It’s a really fun evening, and I’d recommend going if you’re at all interested.
I said hello to Rupert afterwards at the stage door, and he was his usual charming self. ♥ He is in the process of switching agents to Curtis Brown, though he’s not listed there yet. I also noticed that the theatre programme lists Rupert as appearing in People Just Do Nothing, a BBC 3 show. He said that it was only a couple of scenes – but that’s something new to watch out for. Hurrah!
In this flurry of crossed-wires and mistaken identities Rattigan shows himself as a versatile writer and farceur. For those who have only caught his darker works, this is a welcome breath of fresh air.Marion Sauvebois at the Swindon Advertiser
Rupert Young is excellent as Lieutenant Mulvaney, playing to the full the role of a stereotypical Yank bowled over by meeting English royalty, comically matched by his rival in love Lieutenant Colbert, played with Gallic passion and cod-French accent by Nicholas Bishop.Jackie Chappell at Listomania Bath
Rob Heaps’s charmingly puppyish Bobby is a cheerfully ineffectual individual who after four years in the Navy has failed to become an officer and who sees nothing wrong in his butler tying up his boots each morning, much to the incredulity of Rupert Young’s down-to-earth Joe. … Heaps is ceaselessly endearing as Bobby … Claire Allfree in The Telegraph
The Telegraph review makes a great deal of Bobby’s uselessness, but I think his kindness, decency and cheerfulness more than outweigh these considerations. Just because the world was in transition to a more merit-based notion of leadership doesn’t mean that all the old-fashioned values need be thrown out with the bath water. I thought it also counted in Bobby and Elizabeth’s favour that they were perfectly prepared to do war-work and serve their country in rather more humble roles than they might have expected. (It’s worth noting that neither of them make use of her father’s Old Boys’ Network.) Not doomed, I think, when they are adjusting to change and accepting new roles.
… an utterly glorious, hilarious ride from start to finish, bringing a beautifully-directed ensemble cast together in perfect harmony and earning a big shiny gold star for director Christopher Luscombe, who has skilfully revived one of Rattigan’s lesser-known comedies with an invigorating blast of fresh air. All the action takes place in the young Earl of Harpenden‘s apartment in Albany, London (interestingly enough, the luxurious set is an exact replica of Rattigan’s actual apartment, in which Rattigan wrote the play).Melissa Blease in The Bath Magazine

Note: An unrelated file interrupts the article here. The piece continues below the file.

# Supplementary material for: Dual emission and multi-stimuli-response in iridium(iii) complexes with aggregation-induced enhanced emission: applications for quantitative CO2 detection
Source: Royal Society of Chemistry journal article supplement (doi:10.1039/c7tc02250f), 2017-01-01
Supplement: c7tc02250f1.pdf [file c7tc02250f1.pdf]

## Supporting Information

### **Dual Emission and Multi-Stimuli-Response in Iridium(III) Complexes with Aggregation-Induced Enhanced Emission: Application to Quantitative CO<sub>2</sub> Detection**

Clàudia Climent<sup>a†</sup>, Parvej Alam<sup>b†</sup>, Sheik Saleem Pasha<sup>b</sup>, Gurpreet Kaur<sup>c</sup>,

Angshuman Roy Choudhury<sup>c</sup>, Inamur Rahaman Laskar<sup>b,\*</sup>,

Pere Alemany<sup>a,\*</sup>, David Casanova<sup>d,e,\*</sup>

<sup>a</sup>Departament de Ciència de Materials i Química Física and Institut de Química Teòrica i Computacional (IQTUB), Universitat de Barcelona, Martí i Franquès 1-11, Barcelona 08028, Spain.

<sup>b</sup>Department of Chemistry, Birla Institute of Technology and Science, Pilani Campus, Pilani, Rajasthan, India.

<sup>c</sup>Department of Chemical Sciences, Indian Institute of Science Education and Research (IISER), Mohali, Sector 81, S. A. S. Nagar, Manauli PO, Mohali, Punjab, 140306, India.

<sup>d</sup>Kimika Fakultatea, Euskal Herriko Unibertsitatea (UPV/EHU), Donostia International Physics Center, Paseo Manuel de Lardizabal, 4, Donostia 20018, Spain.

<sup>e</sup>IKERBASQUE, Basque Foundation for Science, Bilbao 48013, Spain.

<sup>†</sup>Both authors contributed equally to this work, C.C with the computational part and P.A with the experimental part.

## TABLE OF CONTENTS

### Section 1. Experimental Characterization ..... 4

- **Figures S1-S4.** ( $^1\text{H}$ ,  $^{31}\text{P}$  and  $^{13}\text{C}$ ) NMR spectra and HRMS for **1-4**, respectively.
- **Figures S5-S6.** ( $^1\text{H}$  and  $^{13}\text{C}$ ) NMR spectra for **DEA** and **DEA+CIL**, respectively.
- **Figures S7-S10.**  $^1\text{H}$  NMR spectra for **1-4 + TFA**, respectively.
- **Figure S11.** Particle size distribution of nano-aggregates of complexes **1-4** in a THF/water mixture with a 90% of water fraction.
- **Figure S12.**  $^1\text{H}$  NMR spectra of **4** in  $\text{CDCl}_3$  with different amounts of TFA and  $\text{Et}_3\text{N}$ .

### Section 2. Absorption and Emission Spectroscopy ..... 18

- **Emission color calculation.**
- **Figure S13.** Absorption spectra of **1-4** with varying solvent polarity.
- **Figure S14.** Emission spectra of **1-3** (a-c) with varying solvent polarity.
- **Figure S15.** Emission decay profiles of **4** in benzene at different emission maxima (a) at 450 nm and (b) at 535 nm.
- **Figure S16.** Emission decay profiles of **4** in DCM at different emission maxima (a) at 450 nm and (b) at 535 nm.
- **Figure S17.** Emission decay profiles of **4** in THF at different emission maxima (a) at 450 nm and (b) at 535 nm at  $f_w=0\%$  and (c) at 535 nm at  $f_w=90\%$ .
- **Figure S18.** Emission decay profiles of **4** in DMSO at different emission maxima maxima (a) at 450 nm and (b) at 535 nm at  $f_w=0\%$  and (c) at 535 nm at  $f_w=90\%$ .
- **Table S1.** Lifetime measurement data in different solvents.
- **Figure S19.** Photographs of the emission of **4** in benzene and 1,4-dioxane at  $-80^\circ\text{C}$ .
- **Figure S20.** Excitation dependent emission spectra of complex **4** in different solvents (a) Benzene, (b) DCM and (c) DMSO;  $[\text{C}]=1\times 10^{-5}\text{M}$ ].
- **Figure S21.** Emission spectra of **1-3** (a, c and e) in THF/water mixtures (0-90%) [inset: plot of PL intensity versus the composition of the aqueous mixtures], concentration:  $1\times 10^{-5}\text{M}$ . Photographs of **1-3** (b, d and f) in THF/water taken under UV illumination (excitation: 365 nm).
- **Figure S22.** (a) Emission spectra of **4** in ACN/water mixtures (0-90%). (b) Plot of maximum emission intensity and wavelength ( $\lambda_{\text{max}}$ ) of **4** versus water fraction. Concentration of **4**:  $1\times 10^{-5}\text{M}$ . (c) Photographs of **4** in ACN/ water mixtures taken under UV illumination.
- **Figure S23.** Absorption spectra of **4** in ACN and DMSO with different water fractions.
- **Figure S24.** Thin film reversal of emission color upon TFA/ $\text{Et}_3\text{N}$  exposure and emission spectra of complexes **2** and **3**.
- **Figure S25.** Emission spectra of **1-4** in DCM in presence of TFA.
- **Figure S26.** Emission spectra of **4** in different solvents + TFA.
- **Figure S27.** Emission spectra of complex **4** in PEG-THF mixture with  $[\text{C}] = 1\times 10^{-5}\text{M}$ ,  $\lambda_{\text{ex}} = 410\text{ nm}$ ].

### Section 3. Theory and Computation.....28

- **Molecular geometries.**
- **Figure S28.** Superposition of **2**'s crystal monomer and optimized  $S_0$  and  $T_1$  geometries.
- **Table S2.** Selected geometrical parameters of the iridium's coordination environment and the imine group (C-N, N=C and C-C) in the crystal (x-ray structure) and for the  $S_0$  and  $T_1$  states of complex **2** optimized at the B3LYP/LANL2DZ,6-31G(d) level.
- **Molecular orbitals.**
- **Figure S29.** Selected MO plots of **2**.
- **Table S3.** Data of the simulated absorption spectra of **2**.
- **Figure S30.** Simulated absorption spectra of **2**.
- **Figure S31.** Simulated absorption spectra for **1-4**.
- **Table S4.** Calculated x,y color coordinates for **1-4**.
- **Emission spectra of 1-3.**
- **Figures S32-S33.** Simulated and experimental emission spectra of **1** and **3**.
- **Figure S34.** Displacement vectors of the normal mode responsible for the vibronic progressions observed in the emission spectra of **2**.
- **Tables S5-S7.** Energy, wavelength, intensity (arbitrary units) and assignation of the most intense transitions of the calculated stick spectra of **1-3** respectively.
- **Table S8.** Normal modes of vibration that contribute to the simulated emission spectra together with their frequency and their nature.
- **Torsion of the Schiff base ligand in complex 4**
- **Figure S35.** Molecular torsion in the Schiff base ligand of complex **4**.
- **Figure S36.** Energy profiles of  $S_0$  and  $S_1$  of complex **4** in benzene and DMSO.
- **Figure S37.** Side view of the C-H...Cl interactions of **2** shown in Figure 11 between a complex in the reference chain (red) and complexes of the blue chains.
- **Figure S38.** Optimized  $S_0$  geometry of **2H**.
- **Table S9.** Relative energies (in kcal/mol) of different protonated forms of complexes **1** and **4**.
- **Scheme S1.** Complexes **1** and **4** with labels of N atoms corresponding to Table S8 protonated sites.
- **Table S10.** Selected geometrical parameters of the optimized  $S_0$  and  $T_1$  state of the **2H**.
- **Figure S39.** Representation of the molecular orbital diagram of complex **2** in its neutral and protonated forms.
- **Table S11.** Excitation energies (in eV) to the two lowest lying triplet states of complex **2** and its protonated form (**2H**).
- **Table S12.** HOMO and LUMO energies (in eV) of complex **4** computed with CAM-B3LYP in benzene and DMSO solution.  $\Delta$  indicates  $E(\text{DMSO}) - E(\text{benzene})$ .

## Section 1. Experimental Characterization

The proceedings unfold over 24 hours in the Albany “chambers” of Bobby, the young Earl of Harpenden. It’s the eve of his wedding and the show kicks off with a tease when, naked but for a bed-cover, a strapping American officer, Joe Mulvaney, emerges from the bedroom. All innocent, of course. … it’s delectably droll to watch the whole chaotic sexual license of wartime exemplified by these rather tidily choreographed shenanigans. Romantic rivals who share a chaste bed, the stereotyped Allies are played with engaging panache by Heaps, Rupert Young and Nicholas Bishop as the French lieutenant … Paul Taylor in the Independent
Immaculately staged and directed by Christopher Luscombe the cast are outstanding. … Nicholas Bishop (Lt Colbert) and Rupert Young (Lt. Mulvaney) provide much humour in their confusion and attempts to repair the damage. … This is a fine production; the humour is well balanced with impeccable timing whilst the physical theatre set pieces resulting in an absolute treat.Petra Schofield at Theatre Bath
It’s hilarious. Or, at least, this production directed by Christopher Luscombe is. … It is almost perfectly cast. Ann Treneman in The Times